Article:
If you accidentally drop in on someone’s wave, it’s important to apologize and learn from the mistake. Avoiding dropping in helps maintain a positive atmosphere in the water and stave off potentially dangerous collisions.

If you find yourself tempted to drop in on someone else’s wave, remember the golden rule: if in doubt, don’t paddle for it.

Instead, be patient and wait for your turn to catch a wave without causing any conflicts.

Snaking: Why It’s Frowned Upon

Snaking is frowned upon in the surfing community because it disrupts the harmony among surfers and can lead to conflicts. By paddling around another surfer to gain priority and take their wave, a snaker is not only disrespecting the other surfer’s right of way, but also potentially causing tension and frustration in the lineup.

Instead of snaking, take a deep breath and wait patiently for your turn to catch a wave. Remember, surfing is about enjoying the ocean and sharing the experience with your fellow surfers.

Share the Waves: Don’t Be a Wave Hog

when sharing one wave intentionally its called a party wave

Sharing the waves is an essential part of maintaining harmony among surfers. Wave hogging, or taking more than your fair share of waves, can lead to frustration and tension in the water. To avoid being a wave hog, be mindful of how many waves you’re catching and make an effort to allow others to enjoy them as well.

Sharing the waves and upholding good surfing etiquette contributes to a positive atmosphere, giving everyone an opportunity to ride and relish the ocean.

Paddling Out Safely

about to paddle out and have a surf

Paddling out safely is an important aspect of surf etiquette that helps prevent collisions and maintain a smooth flow in the lineup. To paddle out safely, surfers should avoid paddling through the middle of the lineup and instead head out through a channel or around the lineup.

Paddling around the lineup and waiting for a break in the waves allows surfers to safely return to the outside without disturbing others catching waves. Remember, safety and respect go hand in hand regarding surf etiquette. If you’re a woman looking to embrace the thrill of the waves, don’t miss our special feature on Women’s Surf Camps – Ready to Unveil Your Inner Surfer? Empower and Embrace!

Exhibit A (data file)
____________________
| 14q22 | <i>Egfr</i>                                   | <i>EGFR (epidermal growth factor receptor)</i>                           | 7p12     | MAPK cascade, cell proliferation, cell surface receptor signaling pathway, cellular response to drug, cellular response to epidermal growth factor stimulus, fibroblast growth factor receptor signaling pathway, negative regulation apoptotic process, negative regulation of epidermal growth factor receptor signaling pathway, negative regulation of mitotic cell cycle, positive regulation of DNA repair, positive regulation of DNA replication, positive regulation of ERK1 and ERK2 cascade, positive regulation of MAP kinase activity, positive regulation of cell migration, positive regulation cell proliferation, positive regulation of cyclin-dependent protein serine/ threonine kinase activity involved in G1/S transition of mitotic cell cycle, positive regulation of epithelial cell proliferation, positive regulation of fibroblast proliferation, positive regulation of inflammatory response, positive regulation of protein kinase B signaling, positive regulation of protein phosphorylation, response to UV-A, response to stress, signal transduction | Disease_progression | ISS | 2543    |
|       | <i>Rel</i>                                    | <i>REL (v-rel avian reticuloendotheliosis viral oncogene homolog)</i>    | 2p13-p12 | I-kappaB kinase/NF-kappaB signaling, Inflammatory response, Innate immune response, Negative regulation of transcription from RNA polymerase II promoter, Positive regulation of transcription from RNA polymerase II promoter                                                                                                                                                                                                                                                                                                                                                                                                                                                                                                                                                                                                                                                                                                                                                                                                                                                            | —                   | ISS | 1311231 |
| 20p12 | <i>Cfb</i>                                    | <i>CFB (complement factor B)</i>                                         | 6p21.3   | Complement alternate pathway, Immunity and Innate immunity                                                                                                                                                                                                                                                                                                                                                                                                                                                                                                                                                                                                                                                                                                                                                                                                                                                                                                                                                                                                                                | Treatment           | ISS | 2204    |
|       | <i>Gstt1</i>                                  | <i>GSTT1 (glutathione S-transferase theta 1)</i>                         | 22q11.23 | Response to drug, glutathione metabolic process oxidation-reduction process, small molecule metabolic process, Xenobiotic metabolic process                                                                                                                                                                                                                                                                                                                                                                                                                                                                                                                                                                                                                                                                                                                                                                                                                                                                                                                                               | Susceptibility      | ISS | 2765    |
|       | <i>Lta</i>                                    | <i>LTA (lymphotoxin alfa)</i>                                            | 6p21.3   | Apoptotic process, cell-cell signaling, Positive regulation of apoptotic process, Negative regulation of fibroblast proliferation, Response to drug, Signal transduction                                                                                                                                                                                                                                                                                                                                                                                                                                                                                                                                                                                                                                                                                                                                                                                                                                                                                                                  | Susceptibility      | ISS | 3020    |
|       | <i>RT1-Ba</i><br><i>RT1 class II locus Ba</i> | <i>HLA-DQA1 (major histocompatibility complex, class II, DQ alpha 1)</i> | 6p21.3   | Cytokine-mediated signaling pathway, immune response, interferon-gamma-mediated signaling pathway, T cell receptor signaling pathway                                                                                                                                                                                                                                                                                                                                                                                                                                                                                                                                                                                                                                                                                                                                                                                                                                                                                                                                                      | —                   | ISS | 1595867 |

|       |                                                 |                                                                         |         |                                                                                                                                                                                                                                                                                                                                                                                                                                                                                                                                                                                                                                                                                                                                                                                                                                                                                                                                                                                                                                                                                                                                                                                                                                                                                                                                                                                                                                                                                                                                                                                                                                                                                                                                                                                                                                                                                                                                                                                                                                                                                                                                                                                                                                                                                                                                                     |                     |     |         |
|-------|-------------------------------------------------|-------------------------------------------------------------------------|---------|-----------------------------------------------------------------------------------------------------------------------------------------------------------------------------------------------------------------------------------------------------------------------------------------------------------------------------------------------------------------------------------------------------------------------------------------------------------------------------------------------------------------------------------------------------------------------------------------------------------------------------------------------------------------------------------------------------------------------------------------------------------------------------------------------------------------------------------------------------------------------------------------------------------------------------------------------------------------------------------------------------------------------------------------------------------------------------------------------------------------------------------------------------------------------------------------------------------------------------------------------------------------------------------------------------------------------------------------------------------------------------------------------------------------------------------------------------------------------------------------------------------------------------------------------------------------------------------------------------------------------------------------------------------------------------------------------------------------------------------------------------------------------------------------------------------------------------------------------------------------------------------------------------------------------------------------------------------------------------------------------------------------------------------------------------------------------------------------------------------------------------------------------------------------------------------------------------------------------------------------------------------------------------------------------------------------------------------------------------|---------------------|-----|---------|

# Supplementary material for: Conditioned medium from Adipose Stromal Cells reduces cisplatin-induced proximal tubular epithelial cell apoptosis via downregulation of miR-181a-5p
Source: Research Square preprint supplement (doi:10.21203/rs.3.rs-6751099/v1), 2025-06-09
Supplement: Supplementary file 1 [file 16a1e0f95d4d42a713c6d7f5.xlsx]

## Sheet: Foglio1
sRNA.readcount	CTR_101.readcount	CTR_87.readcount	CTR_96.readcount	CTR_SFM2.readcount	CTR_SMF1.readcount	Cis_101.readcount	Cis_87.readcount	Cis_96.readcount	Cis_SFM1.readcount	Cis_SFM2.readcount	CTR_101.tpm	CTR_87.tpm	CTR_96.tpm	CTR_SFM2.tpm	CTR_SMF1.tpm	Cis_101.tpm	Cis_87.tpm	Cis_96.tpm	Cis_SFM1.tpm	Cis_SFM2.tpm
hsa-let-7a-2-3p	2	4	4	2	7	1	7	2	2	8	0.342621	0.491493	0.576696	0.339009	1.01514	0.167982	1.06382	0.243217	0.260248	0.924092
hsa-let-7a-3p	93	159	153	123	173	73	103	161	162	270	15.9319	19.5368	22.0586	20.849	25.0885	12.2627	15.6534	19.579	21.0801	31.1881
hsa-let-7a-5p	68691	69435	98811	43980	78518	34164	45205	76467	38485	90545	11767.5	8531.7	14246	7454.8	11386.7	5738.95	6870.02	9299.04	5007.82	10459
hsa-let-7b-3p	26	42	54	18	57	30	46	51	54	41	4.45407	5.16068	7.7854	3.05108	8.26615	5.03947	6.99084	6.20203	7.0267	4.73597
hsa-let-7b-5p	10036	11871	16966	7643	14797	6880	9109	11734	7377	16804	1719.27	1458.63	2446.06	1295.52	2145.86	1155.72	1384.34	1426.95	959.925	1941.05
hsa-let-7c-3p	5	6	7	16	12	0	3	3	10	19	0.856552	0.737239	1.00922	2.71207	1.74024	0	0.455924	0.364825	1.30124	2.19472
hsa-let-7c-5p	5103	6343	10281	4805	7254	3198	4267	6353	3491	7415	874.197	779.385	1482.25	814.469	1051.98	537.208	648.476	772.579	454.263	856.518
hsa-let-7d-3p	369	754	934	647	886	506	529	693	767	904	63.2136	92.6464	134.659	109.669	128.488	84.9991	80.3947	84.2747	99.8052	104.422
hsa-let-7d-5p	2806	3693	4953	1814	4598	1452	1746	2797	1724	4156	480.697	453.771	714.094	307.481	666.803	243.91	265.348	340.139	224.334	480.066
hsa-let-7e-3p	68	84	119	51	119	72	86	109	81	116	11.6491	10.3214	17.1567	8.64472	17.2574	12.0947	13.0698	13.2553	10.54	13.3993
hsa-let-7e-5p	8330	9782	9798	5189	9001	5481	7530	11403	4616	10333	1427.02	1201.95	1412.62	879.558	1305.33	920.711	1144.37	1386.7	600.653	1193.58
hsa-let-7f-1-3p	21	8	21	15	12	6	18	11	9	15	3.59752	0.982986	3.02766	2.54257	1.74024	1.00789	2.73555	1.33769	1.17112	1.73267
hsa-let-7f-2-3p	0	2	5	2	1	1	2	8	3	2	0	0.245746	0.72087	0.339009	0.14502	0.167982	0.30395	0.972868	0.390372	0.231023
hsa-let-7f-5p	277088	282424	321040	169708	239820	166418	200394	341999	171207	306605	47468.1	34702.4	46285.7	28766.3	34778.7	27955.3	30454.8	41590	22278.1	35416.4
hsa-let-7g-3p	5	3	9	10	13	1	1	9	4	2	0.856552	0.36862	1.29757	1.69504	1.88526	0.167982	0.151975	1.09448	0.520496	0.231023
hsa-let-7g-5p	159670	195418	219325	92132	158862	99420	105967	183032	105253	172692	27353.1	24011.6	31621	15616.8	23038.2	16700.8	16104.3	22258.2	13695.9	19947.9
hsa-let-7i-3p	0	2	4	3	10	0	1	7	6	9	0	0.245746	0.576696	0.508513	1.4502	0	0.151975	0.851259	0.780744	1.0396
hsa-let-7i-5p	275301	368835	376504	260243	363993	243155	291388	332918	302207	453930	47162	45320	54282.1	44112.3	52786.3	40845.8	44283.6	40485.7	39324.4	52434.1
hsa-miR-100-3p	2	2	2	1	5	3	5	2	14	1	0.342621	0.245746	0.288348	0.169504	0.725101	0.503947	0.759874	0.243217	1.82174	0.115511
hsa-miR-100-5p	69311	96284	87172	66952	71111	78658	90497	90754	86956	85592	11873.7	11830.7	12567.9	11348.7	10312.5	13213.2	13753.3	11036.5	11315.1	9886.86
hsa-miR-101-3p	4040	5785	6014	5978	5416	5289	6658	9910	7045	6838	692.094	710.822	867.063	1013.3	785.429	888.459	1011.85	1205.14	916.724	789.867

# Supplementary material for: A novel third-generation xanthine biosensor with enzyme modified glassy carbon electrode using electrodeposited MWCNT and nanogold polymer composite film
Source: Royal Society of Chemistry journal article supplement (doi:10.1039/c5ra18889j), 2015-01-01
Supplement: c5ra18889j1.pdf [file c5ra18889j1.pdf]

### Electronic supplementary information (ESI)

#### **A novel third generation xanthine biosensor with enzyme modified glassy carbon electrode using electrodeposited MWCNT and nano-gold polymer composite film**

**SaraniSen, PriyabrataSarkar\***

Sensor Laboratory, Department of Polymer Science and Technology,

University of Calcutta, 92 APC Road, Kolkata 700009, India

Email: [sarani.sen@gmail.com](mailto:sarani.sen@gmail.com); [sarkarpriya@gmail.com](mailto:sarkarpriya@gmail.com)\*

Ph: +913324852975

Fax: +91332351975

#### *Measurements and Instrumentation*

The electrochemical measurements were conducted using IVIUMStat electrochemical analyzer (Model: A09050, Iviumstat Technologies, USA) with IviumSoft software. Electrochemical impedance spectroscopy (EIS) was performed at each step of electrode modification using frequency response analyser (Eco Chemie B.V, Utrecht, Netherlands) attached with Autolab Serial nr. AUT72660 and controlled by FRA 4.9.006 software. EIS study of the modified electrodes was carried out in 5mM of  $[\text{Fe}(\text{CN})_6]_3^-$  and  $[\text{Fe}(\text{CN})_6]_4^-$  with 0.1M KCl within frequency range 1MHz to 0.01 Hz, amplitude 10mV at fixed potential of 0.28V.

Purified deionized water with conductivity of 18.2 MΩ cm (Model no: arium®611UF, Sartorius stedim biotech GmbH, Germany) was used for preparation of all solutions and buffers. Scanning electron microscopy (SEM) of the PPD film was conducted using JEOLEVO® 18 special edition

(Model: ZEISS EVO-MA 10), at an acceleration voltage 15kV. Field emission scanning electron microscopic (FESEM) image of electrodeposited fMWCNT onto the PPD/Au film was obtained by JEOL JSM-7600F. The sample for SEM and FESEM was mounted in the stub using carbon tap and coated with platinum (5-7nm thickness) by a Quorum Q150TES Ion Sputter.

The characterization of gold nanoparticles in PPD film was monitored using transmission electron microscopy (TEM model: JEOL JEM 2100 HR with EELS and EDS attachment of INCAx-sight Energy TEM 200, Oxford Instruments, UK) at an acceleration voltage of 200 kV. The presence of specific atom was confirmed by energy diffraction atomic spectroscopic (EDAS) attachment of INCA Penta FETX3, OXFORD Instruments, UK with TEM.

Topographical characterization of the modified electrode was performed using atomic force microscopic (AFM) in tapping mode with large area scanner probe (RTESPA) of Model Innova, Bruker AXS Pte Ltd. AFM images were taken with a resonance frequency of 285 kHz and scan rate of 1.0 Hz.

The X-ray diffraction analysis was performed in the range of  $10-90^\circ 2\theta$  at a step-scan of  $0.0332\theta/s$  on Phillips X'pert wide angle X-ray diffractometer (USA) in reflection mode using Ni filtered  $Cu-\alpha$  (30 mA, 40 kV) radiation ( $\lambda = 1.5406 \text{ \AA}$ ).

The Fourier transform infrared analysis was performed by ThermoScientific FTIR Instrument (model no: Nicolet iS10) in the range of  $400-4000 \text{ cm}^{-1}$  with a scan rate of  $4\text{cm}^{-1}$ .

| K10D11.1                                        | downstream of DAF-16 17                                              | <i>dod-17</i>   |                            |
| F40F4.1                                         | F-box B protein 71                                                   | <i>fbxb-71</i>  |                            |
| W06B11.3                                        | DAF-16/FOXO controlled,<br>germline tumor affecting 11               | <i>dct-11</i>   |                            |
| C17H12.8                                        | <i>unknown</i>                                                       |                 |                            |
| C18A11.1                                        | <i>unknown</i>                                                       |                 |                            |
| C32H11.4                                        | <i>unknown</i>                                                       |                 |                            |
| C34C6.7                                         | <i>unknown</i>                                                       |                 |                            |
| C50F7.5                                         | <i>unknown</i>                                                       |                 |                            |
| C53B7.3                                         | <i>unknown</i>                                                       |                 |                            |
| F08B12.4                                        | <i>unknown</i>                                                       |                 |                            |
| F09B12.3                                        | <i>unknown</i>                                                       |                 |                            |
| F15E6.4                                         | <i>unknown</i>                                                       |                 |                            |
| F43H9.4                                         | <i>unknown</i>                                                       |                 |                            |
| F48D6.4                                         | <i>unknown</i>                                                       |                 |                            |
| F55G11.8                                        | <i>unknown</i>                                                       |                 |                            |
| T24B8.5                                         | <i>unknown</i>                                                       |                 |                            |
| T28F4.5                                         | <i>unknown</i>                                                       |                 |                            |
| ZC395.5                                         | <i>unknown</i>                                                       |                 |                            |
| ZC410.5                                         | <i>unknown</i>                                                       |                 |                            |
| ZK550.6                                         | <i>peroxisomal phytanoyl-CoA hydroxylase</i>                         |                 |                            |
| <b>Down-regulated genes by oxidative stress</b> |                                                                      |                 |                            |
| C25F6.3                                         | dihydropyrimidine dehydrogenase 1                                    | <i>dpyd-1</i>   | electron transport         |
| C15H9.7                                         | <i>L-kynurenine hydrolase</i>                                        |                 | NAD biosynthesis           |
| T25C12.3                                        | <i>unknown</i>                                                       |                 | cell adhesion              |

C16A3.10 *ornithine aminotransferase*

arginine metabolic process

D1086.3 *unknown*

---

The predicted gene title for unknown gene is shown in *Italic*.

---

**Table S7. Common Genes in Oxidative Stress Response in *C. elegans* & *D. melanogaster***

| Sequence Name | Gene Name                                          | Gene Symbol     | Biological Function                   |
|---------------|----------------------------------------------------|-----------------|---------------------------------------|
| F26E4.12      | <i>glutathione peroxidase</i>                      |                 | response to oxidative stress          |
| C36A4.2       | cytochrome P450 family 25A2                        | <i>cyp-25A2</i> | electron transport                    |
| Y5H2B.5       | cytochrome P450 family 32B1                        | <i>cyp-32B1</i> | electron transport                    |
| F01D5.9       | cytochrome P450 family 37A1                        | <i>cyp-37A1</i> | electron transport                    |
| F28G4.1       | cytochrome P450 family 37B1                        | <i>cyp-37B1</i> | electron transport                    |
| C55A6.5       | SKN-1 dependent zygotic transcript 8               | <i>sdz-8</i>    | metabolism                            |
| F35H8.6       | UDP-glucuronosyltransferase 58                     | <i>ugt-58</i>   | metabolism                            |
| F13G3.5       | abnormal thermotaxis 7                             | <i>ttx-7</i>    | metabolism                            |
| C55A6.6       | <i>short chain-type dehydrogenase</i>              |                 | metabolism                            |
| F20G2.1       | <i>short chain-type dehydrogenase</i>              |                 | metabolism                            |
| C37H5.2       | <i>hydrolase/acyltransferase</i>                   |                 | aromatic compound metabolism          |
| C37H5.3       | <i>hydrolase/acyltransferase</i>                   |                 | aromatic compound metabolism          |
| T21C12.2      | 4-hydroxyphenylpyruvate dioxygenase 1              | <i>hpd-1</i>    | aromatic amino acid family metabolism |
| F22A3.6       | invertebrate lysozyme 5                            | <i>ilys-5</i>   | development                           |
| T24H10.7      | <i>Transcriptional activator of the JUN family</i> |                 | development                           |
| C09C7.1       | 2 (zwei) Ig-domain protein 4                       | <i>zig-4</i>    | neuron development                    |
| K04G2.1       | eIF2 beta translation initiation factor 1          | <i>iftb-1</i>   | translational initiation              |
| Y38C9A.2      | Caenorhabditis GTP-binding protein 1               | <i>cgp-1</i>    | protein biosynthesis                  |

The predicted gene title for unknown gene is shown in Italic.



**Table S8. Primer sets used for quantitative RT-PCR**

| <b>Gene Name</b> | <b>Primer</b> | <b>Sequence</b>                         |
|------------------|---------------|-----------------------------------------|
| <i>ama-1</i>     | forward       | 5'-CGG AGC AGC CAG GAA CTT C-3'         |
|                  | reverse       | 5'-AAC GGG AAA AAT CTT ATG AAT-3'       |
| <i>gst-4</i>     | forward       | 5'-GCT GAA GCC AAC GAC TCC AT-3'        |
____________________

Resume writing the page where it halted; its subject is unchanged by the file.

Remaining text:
Paddle Around the Lineup

When paddling out, it’s essential for a surfer paddling to go around the lineup rather than through it, to avoid interfering with other surfers’ rides. Paddling around the lineup leverages outgoing currents or channels to reach the lineup faster, conserving both time and energy.

Moreover, paddling around the lineup gives you a better view of the waves, allowing you to observe and catch more opportunities for a successful surf session. Remember, respect for your fellow surfers starts with respecting their space in the water.

Duck Dive or Turtle Roll

Duck diving and turtle rolling are essential techniques for safely navigating through breaking waves while paddling out. Duck diving is best suited for smaller boards, while turtle rolling is better for larger ones.

Mastering these techniques facilitates efficient movement through the waves, preventing wipeouts or loss of board control, thus ensuring the safety of oneself and others in the water. Remember, a skilled surfer is a safe surfer. I have a whole articel about this with a lot of tips if your interested to learn more.

Communicate Your Intentions

Communication is key when it comes to surfing. By expressing your intentions and direction to other surfers, you can avoid misunderstandings and potential collisions in the water. Whether you’re paddling out, catching a wave, or changing direction, clear communication can help maintain a safe and enjoyable environment for everyone in the water.

After all, a harmonious lineup is a happy lineup.

Respecting Local Surfers and Their Breaks

someone getting dropped in on in the surf

Showing respect to local surfers and their breaks is an important aspect of surf etiquette. When visiting a new break, be mindful of the locals and follow their lead when it comes to the rules and customs of the break. Remember, you’re a guest on their home break, so be courteous, patient, and considerate.

Respecting the locals and their breaks paves the way for a positive experience for both yourself and the local surfing community.

Surfboard Control and Safety

Maintaining control of your surfboard is crucial for your safety and the safety of others in the water. A loose surfboard can easily become a dangerous projectile, so always wear a leash and avoid throwing your board.

In addition, practice duck diving or turtle rolling techniques to safely navigate through breaking waves without losing control of your board. Remember, a controlled surfer is a safe surfer.

Don’t forget to prepare your body for surfing – here’s a link to the best stretches for surfers. It’s so important to get your body right so you can get into the awkward positions surfing demands.

Wear a Leash

Wearing a leash is important for keeping your board close to you and preventing it from becoming a hazard in the water. A loose surfboard can easily hit and injure other surfers, so always wear a leash to keep yourself and others safe.

Additionally, wearing a leash makes it easier to catch waves, as your board will always be within reach. Remember, safety first!

Don’t Throw Your Board